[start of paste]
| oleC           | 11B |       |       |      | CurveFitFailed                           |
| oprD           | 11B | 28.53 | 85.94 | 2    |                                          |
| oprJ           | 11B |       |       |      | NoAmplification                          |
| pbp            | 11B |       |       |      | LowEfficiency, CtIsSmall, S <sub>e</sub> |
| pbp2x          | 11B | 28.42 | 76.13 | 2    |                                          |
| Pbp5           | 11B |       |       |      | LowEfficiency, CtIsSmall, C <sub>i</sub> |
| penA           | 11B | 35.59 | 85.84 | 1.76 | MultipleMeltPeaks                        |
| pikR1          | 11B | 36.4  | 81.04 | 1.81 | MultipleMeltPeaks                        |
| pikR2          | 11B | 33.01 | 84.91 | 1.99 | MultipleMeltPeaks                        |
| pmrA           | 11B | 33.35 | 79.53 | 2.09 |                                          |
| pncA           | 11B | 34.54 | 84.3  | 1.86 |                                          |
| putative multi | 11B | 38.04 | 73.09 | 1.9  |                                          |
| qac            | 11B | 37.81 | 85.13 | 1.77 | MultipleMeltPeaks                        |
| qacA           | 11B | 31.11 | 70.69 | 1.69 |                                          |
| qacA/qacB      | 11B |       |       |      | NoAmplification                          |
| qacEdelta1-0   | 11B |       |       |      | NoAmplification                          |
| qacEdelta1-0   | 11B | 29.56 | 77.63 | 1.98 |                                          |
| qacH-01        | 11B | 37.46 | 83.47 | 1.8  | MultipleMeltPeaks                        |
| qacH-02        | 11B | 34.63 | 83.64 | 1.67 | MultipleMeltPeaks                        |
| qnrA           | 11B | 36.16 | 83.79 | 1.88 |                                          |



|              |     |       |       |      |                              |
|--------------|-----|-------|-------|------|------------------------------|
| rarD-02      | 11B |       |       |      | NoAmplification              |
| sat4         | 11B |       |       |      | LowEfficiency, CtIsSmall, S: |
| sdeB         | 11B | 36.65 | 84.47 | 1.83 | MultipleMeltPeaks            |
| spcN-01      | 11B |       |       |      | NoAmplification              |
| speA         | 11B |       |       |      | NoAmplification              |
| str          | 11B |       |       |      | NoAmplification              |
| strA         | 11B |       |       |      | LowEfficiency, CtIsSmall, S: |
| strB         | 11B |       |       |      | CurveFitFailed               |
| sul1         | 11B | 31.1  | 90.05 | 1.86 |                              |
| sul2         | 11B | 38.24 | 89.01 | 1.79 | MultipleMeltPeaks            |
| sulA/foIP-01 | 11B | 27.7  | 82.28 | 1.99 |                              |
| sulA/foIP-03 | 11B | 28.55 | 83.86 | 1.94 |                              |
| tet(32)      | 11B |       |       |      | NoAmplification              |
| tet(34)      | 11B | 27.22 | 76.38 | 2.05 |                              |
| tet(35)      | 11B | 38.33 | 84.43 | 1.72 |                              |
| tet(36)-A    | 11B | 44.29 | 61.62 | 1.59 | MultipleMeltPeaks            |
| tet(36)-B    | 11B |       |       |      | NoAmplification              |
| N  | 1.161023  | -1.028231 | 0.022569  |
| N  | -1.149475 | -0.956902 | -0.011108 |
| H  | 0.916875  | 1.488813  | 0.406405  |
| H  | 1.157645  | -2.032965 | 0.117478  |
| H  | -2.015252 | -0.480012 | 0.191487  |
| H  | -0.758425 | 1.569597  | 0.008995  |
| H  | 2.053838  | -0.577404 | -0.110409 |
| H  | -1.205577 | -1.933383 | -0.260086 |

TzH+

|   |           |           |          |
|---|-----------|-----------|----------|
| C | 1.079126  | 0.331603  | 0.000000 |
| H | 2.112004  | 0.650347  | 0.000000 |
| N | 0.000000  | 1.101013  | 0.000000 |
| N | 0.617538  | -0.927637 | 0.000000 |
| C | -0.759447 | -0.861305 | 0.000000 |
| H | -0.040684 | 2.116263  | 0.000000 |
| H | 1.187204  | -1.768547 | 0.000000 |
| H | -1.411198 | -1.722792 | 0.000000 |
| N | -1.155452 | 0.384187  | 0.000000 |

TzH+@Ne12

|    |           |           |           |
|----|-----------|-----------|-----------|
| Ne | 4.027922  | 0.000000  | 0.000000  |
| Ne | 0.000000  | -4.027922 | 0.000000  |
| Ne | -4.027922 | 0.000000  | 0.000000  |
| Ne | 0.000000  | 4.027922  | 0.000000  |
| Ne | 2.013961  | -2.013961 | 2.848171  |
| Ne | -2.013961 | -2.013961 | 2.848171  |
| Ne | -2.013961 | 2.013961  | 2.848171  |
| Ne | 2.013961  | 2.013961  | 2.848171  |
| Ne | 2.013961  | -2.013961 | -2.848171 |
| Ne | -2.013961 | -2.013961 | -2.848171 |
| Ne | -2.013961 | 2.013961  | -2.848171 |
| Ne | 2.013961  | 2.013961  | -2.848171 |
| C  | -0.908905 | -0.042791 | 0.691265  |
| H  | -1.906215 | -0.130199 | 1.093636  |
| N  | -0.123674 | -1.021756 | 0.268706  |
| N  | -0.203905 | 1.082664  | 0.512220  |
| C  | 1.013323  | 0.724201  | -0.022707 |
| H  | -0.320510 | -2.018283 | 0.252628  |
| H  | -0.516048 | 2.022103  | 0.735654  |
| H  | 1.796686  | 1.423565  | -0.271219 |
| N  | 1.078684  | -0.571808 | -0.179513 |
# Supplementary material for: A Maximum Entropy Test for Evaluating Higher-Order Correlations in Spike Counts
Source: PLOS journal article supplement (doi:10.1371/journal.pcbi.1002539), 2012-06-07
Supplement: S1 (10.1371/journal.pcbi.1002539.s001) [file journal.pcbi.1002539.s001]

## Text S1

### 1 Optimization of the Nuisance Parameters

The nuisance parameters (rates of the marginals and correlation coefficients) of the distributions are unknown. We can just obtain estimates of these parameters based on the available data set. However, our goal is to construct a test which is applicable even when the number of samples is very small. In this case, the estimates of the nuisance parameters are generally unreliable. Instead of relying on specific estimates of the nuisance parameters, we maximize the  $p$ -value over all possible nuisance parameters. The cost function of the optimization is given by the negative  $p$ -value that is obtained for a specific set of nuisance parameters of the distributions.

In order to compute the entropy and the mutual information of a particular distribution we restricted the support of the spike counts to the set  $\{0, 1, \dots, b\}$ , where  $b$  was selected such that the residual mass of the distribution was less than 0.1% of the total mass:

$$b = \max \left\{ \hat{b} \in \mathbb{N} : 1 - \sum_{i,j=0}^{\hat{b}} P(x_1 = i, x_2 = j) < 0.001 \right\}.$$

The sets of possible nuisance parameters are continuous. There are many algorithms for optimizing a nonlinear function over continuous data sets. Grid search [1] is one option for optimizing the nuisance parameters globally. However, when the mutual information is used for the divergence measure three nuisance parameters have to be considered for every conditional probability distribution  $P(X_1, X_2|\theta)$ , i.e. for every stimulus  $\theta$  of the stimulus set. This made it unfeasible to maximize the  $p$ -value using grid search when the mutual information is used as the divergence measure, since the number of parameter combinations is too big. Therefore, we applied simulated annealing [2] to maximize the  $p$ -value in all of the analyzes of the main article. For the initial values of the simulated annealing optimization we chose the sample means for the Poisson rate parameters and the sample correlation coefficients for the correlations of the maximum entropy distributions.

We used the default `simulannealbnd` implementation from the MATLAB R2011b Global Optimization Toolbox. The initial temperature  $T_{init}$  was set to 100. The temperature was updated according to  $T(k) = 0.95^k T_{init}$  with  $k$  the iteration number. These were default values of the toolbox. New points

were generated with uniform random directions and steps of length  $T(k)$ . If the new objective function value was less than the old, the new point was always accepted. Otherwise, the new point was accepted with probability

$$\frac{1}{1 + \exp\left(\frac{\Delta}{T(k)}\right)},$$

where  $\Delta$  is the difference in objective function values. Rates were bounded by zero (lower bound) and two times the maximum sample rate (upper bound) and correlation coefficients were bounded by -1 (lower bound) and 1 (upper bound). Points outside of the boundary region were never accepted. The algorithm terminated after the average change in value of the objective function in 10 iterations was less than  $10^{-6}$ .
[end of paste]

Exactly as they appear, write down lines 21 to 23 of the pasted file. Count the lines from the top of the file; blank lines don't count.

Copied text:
|              |     |       |       |      |                              |
|--------------|-----|-------|-------|------|------------------------------|
| rarD-02      | 11B |       |       |      | NoAmplification              |